What mattered at the moment was that there was absolutely nothing to make even a member of the Mesan Alignment suspicious of Pygmalion‘s pedigree, and she’d plied the same route — which included both Beowulf and Mesa — for the last seven T-years. She was a thoroughly known quantity, and her owners didn’t need to know that Captain Vandor’s daughter-in-law owed her life and the lives of her three then-unborn children to a BSC covert team under the command of one Major Jacques Benton-Ramirez y Chou. In fact, Captain Vandor and his family had been very careful about seeing to it that that particular bit of knowledge did not become public. There were several reasons for that, but the most important one was that Vandor was a man who believed in paying his debts, which included keeping the identity of the unknown criminals who’d raided the offices of a highly respected Solarian shipping line — the one, in fact, which had employed (and continued to employ) one Sebastián Vandor — and in the process “kidnapped” a secretarial worker who had subsequently managed to escape from her abductors and was now the mother of Sebastian’s grandchildren.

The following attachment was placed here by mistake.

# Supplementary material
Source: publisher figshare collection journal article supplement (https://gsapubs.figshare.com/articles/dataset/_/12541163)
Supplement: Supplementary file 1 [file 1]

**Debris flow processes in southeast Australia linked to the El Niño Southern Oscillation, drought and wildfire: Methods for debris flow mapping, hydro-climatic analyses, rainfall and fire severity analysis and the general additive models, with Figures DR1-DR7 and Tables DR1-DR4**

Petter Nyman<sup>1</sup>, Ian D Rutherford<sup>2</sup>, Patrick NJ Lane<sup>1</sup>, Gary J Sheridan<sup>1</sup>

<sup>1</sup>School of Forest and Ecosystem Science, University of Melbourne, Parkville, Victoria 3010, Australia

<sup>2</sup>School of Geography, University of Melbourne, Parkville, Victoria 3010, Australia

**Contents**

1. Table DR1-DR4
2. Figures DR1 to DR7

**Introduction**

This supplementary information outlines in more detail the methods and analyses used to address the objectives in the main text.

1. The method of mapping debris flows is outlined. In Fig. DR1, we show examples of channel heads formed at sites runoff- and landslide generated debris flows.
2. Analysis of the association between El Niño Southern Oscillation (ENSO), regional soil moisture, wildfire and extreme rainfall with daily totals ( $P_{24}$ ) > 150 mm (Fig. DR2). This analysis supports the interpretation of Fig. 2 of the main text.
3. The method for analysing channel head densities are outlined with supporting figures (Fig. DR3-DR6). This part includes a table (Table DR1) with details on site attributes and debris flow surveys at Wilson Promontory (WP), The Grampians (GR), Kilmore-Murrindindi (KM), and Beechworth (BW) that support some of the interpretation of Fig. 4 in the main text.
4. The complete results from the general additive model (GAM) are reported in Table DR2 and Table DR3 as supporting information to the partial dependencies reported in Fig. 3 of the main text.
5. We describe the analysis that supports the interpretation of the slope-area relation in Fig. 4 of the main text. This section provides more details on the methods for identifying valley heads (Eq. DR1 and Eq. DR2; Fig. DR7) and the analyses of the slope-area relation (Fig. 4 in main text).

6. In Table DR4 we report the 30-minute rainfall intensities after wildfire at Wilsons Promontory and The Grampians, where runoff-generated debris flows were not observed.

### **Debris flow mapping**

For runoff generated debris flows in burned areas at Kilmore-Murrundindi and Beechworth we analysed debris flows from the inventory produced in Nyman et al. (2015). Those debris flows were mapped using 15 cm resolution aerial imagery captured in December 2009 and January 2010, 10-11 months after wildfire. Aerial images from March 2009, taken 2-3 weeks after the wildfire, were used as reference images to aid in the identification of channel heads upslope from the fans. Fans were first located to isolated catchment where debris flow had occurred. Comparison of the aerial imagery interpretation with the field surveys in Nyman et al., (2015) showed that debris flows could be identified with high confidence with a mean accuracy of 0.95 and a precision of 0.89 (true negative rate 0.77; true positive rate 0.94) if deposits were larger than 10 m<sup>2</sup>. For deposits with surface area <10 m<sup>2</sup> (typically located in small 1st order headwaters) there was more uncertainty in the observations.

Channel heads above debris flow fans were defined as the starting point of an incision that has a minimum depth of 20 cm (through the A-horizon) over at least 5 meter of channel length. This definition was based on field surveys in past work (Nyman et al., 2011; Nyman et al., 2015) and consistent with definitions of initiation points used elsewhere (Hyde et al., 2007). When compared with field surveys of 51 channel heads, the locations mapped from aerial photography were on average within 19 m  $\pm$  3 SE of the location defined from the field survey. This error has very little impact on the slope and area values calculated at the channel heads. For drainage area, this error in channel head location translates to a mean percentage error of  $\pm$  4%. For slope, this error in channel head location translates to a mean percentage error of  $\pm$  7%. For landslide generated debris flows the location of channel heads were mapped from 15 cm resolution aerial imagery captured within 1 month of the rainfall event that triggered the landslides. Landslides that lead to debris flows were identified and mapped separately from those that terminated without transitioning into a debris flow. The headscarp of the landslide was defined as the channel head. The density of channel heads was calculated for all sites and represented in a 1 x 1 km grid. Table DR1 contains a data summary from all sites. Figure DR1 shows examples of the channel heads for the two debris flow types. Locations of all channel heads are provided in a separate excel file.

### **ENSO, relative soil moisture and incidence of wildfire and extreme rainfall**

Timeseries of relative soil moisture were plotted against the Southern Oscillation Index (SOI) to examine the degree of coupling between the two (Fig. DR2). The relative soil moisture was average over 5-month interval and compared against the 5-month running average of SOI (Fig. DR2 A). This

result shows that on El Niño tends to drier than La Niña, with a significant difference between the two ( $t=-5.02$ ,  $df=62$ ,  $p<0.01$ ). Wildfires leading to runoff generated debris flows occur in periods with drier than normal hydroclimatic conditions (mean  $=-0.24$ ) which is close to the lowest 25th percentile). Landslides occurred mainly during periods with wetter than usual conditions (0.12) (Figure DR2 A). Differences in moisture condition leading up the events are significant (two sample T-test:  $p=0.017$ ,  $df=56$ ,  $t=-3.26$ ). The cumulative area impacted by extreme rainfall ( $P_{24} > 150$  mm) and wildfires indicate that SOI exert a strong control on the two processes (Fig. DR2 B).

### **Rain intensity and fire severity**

The Tobias Lines would have looked with disfavor upon any efforts to publicize the fact that its current CEO’s (sadly deceased) brother had been using the company’s assets to cover Manpower shipments of genetic slaves inside the League. Of course, that had been back in the good old days when Tobias had still boasted a sizable freighter fleet. Times had changed . . . but memories were long, and there was no statute of limitations on the League’s anti-slavery laws. But that once-upon-a-time relationship was one reason Pygmalion served the Mesan run and enjoyed a certain coziness with the Mesa System’s government and its various agencies.
All of which only helped make the liner one of the least likely to be suspected means whereby desperate and coming spies might be inserted into the very heart of darkness.